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|Macroeconomics - Unit 9|
What's in This Chapter?
Is money, or the love of money, the root of all evil? Should we eliminate money? If we eliminate money, will all evil disappear? If the answer is no, then money must not be the root of all evil. If we eliminate money, what economic consequences will this have? What are the functions of money? These questions, among others, are answered in this unit.
Nearly every country or region in the world has a central bank. The most important roles of a central bank are to supervise a nation's banking system and to control its money supply. Sections 3 and 4 discuss the role of the central banks and the Federal Reserve (the Fed) System in the United States. The Federal Reserve Board is in charge of our country's monetary policy. It acts independently from Congress and the White House. United States citizens do not elect Federal Reserve Board governors. They are appointed by the President, and then approved by the Senate. The disadvantage is that the Fed governors are not directly accountable to the voters. The advantage is, however, that unlike politicians, Federal Reserve Board governors can act independently of what may be the popular thing to do. They can, therefore, concentrate on long-run policies.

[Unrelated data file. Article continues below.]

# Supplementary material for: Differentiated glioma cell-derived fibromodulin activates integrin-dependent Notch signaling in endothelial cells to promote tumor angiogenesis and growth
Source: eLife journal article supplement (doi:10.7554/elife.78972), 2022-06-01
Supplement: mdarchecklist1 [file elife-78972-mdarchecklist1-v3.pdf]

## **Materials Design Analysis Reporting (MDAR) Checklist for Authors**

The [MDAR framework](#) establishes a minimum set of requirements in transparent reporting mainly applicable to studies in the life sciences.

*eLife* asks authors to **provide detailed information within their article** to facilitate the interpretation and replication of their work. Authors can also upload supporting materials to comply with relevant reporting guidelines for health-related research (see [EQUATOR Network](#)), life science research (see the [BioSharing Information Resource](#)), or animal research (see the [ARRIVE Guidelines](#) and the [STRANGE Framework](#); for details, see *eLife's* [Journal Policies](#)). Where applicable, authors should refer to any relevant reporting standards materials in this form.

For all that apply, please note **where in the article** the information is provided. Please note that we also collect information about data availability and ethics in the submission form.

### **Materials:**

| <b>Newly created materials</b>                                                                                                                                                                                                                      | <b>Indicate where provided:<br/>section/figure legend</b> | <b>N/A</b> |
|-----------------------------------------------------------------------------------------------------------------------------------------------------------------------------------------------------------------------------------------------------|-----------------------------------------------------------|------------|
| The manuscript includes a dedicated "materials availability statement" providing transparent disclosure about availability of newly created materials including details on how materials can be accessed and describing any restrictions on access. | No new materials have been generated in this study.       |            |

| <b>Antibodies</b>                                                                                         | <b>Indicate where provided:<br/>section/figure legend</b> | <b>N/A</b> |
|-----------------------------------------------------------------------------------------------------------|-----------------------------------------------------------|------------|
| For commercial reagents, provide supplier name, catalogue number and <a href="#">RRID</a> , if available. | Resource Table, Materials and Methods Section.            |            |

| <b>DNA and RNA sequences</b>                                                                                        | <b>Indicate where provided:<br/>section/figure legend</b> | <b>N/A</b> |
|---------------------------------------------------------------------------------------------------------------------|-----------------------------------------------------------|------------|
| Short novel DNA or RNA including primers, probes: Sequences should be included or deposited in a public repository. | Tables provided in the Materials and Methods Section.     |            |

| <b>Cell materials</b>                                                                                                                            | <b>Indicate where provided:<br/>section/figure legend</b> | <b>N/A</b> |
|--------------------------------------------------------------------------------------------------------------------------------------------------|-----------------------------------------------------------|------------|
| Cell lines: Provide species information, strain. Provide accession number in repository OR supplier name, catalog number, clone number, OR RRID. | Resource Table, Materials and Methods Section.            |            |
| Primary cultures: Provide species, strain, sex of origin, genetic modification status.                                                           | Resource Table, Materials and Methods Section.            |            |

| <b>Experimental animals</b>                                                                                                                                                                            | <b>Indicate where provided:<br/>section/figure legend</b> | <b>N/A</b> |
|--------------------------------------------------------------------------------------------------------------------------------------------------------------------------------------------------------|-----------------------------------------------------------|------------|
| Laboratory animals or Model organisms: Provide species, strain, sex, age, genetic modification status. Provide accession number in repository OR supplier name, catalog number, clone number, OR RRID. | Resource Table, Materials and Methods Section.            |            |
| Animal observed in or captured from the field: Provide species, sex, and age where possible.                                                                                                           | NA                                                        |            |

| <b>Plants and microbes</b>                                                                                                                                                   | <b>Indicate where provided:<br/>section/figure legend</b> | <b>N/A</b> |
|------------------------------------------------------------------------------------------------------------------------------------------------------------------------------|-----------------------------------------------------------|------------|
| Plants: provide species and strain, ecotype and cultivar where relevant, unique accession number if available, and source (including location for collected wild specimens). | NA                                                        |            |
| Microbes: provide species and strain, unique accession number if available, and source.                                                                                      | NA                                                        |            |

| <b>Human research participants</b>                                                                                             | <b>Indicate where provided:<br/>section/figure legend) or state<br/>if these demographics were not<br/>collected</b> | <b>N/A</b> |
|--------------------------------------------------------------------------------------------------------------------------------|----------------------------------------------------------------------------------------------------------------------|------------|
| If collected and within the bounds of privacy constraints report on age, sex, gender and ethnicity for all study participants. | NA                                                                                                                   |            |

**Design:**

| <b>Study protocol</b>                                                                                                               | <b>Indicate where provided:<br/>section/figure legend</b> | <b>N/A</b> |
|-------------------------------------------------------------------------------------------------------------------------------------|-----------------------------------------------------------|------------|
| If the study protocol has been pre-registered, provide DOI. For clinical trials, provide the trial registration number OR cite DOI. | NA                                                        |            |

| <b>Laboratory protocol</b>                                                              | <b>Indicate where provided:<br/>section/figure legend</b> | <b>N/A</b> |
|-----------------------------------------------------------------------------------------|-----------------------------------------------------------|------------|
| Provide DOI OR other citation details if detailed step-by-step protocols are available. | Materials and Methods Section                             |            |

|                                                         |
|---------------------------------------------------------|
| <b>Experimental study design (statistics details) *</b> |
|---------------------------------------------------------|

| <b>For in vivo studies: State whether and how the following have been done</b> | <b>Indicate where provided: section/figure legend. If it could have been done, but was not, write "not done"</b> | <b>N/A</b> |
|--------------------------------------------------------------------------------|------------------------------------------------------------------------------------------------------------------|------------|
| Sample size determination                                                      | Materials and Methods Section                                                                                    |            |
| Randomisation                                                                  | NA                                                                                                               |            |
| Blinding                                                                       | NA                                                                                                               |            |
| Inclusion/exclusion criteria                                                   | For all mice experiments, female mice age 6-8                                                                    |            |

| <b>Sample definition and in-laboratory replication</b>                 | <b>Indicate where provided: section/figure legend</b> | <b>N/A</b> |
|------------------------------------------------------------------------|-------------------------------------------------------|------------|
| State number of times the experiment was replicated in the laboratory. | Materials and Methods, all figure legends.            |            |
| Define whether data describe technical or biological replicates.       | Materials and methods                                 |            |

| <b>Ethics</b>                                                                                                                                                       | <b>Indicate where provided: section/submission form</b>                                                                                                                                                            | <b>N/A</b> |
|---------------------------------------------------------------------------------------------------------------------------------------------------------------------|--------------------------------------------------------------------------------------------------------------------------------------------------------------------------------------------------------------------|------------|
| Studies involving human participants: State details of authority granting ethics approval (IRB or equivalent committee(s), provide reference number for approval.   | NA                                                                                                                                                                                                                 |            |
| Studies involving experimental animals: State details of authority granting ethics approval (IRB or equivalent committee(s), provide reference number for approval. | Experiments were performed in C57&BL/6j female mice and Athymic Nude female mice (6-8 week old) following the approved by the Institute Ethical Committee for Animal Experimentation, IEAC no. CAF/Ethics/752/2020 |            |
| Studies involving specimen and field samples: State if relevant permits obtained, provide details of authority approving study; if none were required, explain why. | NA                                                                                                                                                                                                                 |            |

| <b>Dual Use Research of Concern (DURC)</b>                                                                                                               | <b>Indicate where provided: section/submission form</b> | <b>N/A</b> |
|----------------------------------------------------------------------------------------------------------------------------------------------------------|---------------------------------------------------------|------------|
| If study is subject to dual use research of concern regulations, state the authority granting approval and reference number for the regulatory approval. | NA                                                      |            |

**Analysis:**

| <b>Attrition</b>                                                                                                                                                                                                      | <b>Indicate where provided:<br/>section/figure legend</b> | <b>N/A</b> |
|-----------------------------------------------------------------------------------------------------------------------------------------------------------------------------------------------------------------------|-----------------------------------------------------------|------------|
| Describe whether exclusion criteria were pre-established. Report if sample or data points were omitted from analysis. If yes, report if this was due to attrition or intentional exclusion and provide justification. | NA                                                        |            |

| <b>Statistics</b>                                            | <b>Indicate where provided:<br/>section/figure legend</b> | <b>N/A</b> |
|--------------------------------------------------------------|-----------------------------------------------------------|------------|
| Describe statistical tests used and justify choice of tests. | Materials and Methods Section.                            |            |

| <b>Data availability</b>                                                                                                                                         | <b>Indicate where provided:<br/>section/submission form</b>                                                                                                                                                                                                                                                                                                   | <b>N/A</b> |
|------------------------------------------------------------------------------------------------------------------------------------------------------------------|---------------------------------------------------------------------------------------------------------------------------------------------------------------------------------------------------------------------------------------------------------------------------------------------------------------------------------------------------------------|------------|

The Federal Open Market Committee is the day-to-day decision-making committee of the Federal Reserve System. Financial markets around the world closely follow every step the FOMC makes. In addition to controlling the money supply, it serves many other functions, which are explained in this unit. During the past two decades, the Fed has done an admirable job of restricting the growth in the money supply. Consequently, inflation has remained low in the United States.
Fractional reserve banking, the Federal Deposit Insurance Corporation, velocity and the quantity theory of money are discussed in the last sections of this unit.
|Last Updated on Saturday, 29 December 2012 07:30|